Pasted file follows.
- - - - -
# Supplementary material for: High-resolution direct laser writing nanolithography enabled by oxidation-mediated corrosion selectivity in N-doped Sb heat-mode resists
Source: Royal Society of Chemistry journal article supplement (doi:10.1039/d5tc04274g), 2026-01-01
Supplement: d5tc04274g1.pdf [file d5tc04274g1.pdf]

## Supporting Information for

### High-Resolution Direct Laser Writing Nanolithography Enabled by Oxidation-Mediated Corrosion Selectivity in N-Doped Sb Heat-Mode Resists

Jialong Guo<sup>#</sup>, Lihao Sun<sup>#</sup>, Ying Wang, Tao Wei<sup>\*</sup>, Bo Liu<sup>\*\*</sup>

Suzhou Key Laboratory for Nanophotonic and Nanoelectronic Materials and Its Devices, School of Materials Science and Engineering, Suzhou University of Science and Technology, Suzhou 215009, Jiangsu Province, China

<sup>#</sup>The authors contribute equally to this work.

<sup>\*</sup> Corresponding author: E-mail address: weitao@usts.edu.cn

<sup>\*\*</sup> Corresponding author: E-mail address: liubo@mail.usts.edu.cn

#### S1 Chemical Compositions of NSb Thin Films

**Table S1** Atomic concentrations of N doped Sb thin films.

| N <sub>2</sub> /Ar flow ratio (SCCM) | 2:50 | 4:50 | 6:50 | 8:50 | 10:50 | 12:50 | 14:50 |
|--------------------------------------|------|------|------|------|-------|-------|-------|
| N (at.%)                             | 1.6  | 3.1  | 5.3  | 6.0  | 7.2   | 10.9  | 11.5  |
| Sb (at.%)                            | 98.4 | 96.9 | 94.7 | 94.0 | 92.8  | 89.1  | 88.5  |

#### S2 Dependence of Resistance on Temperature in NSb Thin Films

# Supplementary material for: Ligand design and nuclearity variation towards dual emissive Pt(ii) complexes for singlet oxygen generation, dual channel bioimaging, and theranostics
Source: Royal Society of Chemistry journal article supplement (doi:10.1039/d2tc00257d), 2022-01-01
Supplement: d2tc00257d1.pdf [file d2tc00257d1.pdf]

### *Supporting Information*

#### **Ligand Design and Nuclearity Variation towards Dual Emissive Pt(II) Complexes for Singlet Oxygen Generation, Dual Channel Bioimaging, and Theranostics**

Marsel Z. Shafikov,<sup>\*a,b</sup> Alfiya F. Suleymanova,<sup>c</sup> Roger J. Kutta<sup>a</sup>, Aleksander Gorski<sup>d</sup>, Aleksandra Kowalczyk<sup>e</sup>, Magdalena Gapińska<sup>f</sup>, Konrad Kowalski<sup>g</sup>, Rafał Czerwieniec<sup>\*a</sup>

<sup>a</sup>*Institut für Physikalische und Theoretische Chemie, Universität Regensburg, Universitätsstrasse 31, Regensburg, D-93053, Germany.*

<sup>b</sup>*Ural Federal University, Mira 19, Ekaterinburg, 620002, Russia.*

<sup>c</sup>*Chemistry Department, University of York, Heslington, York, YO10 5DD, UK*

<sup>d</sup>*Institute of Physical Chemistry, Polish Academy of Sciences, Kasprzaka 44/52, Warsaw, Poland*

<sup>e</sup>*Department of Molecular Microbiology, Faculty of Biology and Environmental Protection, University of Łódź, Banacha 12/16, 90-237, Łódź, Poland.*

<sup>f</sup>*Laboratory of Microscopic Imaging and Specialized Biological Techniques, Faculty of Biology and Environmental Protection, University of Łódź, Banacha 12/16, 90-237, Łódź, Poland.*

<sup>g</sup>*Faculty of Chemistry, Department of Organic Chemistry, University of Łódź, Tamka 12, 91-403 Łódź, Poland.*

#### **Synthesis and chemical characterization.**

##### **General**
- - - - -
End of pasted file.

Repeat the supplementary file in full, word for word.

# Supplementary material for: High-resolution direct laser writing nanolithography enabled by oxidation-mediated corrosion selectivity in N-doped Sb heat-mode resists
Source: Royal Society of Chemistry journal article supplement (doi:10.1039/d5tc04274g), 2026-01-01
Supplement: d5tc04274g1.pdf [file d5tc04274g1.pdf]

## Supporting Information for

### High-Resolution Direct Laser Writing Nanolithography Enabled by Oxidation-Mediated Corrosion Selectivity in N-Doped Sb Heat-Mode Resists

Jialong Guo<sup>#</sup>, Lihao Sun<sup>#</sup>, Ying Wang, Tao Wei<sup>\*</sup>, Bo Liu<sup>\*\*</sup>

Suzhou Key Laboratory for Nanophotonic and Nanoelectronic Materials and Its Devices, School of Materials Science and Engineering, Suzhou University of Science and Technology, Suzhou 215009, Jiangsu Province, China

<sup>#</sup>The authors contribute equally to this work.

<sup>\*</sup> Corresponding author: E-mail address: weitao@usts.edu.cn

<sup>\*\*</sup> Corresponding author: E-mail address: liubo@mail.usts.edu.cn

#### S1 Chemical Compositions of NSb Thin Films

**Table S1** Atomic concentrations of N doped Sb thin films.

| N <sub>2</sub> /Ar flow ratio (SCCM) | 2:50 | 4:50 | 6:50 | 8:50 | 10:50 | 12:50 | 14:50 |
|--------------------------------------|------|------|------|------|-------|-------|-------|
| N (at.%)                             | 1.6  | 3.1  | 5.3  | 6.0  | 7.2   | 10.9  | 11.5  |
| Sb (at.%)                            | 98.4 | 96.9 | 94.7 | 94.0 | 92.8  | 89.1  | 88.5  |

#### S2 Dependence of Resistance on Temperature in NSb Thin Films

# Supplementary material for: Ligand design and nuclearity variation towards dual emissive Pt(ii) complexes for singlet oxygen generation, dual channel bioimaging, and theranostics
Source: Royal Society of Chemistry journal article supplement (doi:10.1039/d2tc00257d), 2022-01-01
Supplement: d2tc00257d1.pdf [file d2tc00257d1.pdf]

### *Supporting Information*

#### **Ligand Design and Nuclearity Variation towards Dual Emissive Pt(II) Complexes for Singlet Oxygen Generation, Dual Channel Bioimaging, and Theranostics**

Marsel Z. Shafikov,<sup>\*a,b</sup> Alfiya F. Suleymanova,<sup>c</sup> Roger J. Kutta<sup>a</sup>, Aleksander Gorski<sup>d</sup>, Aleksandra Kowalczyk<sup>e</sup>, Magdalena Gapińska<sup>f</sup>, Konrad Kowalski<sup>g</sup>, Rafał Czerwieniec<sup>\*a</sup>

<sup>a</sup>*Institut für Physikalische und Theoretische Chemie, Universität Regensburg, Universitätsstrasse 31, Regensburg, D-93053, Germany.*

<sup>b</sup>*Ural Federal University, Mira 19, Ekaterinburg, 620002, Russia.*

<sup>c</sup>*Chemistry Department, University of York, Heslington, York, YO10 5DD, UK*

<sup>d</sup>*Institute of Physical Chemistry, Polish Academy of Sciences, Kasprzaka 44/52, Warsaw, Poland*

<sup>e</sup>*Department of Molecular Microbiology, Faculty of Biology and Environmental Protection, University of Łódź, Banacha 12/16, 90-237, Łódź, Poland.*

<sup>f</sup>*Laboratory of Microscopic Imaging and Specialized Biological Techniques, Faculty of Biology and Environmental Protection, University of Łódź, Banacha 12/16, 90-237, Łódź, Poland.*

<sup>g</sup>*Faculty of Chemistry, Department of Organic Chemistry, University of Łódź, Tamka 12, 91-403 Łódź, Poland.*

#### **Synthesis and chemical characterization.**

##### **General**